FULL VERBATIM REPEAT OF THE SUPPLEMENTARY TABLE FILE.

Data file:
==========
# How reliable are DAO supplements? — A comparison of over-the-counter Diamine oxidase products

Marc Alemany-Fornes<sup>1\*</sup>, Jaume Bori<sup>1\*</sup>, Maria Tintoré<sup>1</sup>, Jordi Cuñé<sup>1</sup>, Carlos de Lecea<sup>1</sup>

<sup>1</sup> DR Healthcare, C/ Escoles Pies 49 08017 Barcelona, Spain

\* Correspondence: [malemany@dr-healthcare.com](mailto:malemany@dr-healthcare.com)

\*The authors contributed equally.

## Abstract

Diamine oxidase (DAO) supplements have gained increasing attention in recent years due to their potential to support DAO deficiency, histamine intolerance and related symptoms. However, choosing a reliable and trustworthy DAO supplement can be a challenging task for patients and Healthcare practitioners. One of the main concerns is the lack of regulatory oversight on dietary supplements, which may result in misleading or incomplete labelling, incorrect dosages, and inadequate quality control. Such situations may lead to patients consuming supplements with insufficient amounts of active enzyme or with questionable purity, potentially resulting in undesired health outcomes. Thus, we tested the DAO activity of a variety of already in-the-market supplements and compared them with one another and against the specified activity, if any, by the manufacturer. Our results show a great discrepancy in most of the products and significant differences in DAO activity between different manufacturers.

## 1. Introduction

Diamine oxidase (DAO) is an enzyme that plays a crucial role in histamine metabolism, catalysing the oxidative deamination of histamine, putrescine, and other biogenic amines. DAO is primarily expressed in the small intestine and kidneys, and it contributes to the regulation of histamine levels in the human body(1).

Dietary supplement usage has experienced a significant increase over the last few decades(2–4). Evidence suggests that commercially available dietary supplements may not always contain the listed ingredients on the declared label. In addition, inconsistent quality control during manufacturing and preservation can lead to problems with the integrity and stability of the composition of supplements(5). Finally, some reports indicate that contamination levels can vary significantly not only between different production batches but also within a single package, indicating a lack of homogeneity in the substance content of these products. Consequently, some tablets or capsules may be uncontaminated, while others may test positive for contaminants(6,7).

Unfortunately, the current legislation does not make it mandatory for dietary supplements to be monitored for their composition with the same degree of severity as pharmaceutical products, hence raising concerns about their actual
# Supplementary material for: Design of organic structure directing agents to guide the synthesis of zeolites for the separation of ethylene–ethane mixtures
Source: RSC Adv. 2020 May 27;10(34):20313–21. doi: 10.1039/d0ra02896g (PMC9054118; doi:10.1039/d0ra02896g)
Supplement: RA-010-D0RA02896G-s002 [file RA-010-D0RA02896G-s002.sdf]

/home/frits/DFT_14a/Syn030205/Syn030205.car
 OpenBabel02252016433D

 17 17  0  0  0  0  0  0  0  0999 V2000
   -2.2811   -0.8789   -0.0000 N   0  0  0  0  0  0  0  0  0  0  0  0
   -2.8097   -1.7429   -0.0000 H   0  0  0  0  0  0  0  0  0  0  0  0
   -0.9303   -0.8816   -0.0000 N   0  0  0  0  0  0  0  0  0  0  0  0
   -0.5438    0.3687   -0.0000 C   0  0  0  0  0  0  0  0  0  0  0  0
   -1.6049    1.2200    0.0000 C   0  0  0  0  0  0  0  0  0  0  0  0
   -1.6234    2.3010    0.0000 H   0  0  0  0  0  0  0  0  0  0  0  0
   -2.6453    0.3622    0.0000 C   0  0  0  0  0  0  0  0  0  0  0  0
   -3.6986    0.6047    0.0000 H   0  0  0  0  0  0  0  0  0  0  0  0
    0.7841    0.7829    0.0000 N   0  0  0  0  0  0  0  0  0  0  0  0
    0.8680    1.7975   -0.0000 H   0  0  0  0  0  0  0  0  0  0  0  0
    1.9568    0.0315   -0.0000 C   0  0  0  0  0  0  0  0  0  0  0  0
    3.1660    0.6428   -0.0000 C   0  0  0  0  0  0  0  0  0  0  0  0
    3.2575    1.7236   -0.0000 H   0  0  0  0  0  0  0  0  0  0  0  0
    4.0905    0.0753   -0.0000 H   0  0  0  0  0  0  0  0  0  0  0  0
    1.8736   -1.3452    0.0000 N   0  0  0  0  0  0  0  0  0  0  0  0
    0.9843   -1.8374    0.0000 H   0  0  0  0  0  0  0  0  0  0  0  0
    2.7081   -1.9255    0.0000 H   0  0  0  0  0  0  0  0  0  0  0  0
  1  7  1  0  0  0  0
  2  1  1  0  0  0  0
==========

# How reliable are DAO supplements? — A comparison of over-the-counter Diamine oxidase products

Marc Alemany-Fornes<sup>1\*</sup>, Jaume Bori<sup>1\*</sup>, Maria Tintoré<sup>1</sup>, Jordi Cuñé<sup>1</sup>, Carlos de Lecea<sup>1</sup>

<sup>1</sup> DR Healthcare, C/ Escoles Pies 49 08017 Barcelona, Spain

\* Correspondence: [malemany@dr-healthcare.com](mailto:malemany@dr-healthcare.com)

\*The authors contributed equally.

## Abstract

Diamine oxidase (DAO) supplements have gained increasing attention in recent years due to their potential to support DAO deficiency, histamine intolerance and related symptoms. However, choosing a reliable and trustworthy DAO supplement can be a challenging task for patients and Healthcare practitioners. One of the main concerns is the lack of regulatory oversight on dietary supplements, which may result in misleading or incomplete labelling, incorrect dosages, and inadequate quality control. Such situations may lead to patients consuming supplements with insufficient amounts of active enzyme or with questionable purity, potentially resulting in undesired health outcomes. Thus, we tested the DAO activity of a variety of already in-the-market supplements and compared them with one another and against the specified activity, if any, by the manufacturer. Our results show a great discrepancy in most of the products and significant differences in DAO activity between different manufacturers.

## 1. Introduction

Diamine oxidase (DAO) is an enzyme that plays a crucial role in histamine metabolism, catalysing the oxidative deamination of histamine, putrescine, and other biogenic amines. DAO is primarily expressed in the small intestine and kidneys, and it contributes to the regulation of histamine levels in the human body(1).

Dietary supplement usage has experienced a significant increase over the last few decades(2–4). Evidence suggests that commercially available dietary supplements may not always contain the listed ingredients on the declared label. In addition, inconsistent quality control during manufacturing and preservation can lead to problems with the integrity and stability of the composition of supplements(5). Finally, some reports indicate that contamination levels can vary significantly not only between different production batches but also within a single package, indicating a lack of homogeneity in the substance content of these products. Consequently, some tablets or capsules may be uncontaminated, while others may test positive for contaminants(6,7).

Unfortunately, the current legislation does not make it mandatory for dietary supplements to be monitored for their composition with the same degree of severity as pharmaceutical products, hence raising concerns about their actual
# Supplementary material for: Design of organic structure directing agents to guide the synthesis of zeolites for the separation of ethylene–ethane mixtures
Source: RSC Adv. 2020 May 27;10(34):20313–21. doi: 10.1039/d0ra02896g (PMC9054118; doi:10.1039/d0ra02896g)
Supplement: RA-010-D0RA02896G-s002 [file RA-010-D0RA02896G-s002.sdf]

/home/frits/DFT_14a/Syn030205/Syn030205.car
 OpenBabel02252016433D

 17 17  0  0  0  0  0  0  0  0999 V2000
   -2.2811   -0.8789   -0.0000 N   0  0  0  0  0  0  0  0  0  0  0  0
   -2.8097   -1.7429   -0.0000 H   0  0  0  0  0  0  0  0  0  0  0  0
   -0.9303   -0.8816   -0.0000 N   0  0  0  0  0  0  0  0  0  0  0  0
   -0.5438    0.3687   -0.0000 C   0  0  0  0  0  0  0  0  0  0  0  0
   -1.6049    1.2200    0.0000 C   0  0  0  0  0  0  0  0  0  0  0  0
   -1.6234    2.3010    0.0000 H   0  0  0  0  0  0  0  0  0  0  0  0
   -2.6453    0.3622    0.0000 C   0  0  0  0  0  0  0  0  0  0  0  0
   -3.6986    0.6047    0.0000 H   0  0  0  0  0  0  0  0  0  0  0  0
    0.7841    0.7829    0.0000 N   0  0  0  0  0  0  0  0  0  0  0  0
    0.8680    1.7975   -0.0000 H   0  0  0  0  0  0  0  0  0  0  0  0
    1.9568    0.0315   -0.0000 C   0  0  0  0  0  0  0  0  0  0  0  0
    3.1660    0.6428   -0.0000 C   0  0  0  0  0  0  0  0  0  0  0  0
    3.2575    1.7236   -0.0000 H   0  0  0  0  0  0  0  0  0  0  0  0
    4.0905    0.0753   -0.0000 H   0  0  0  0  0  0  0  0  0  0  0  0
    1.8736   -1.3452    0.0000 N   0  0  0  0  0  0  0  0  0  0  0  0
    0.9843   -1.8374    0.0000 H   0  0  0  0  0  0  0  0  0  0  0  0
    2.7081   -1.9255    0.0000 H   0  0  0  0  0  0  0  0  0  0  0  0
  1  7  1  0  0  0  0
  2  1  1  0  0  0  0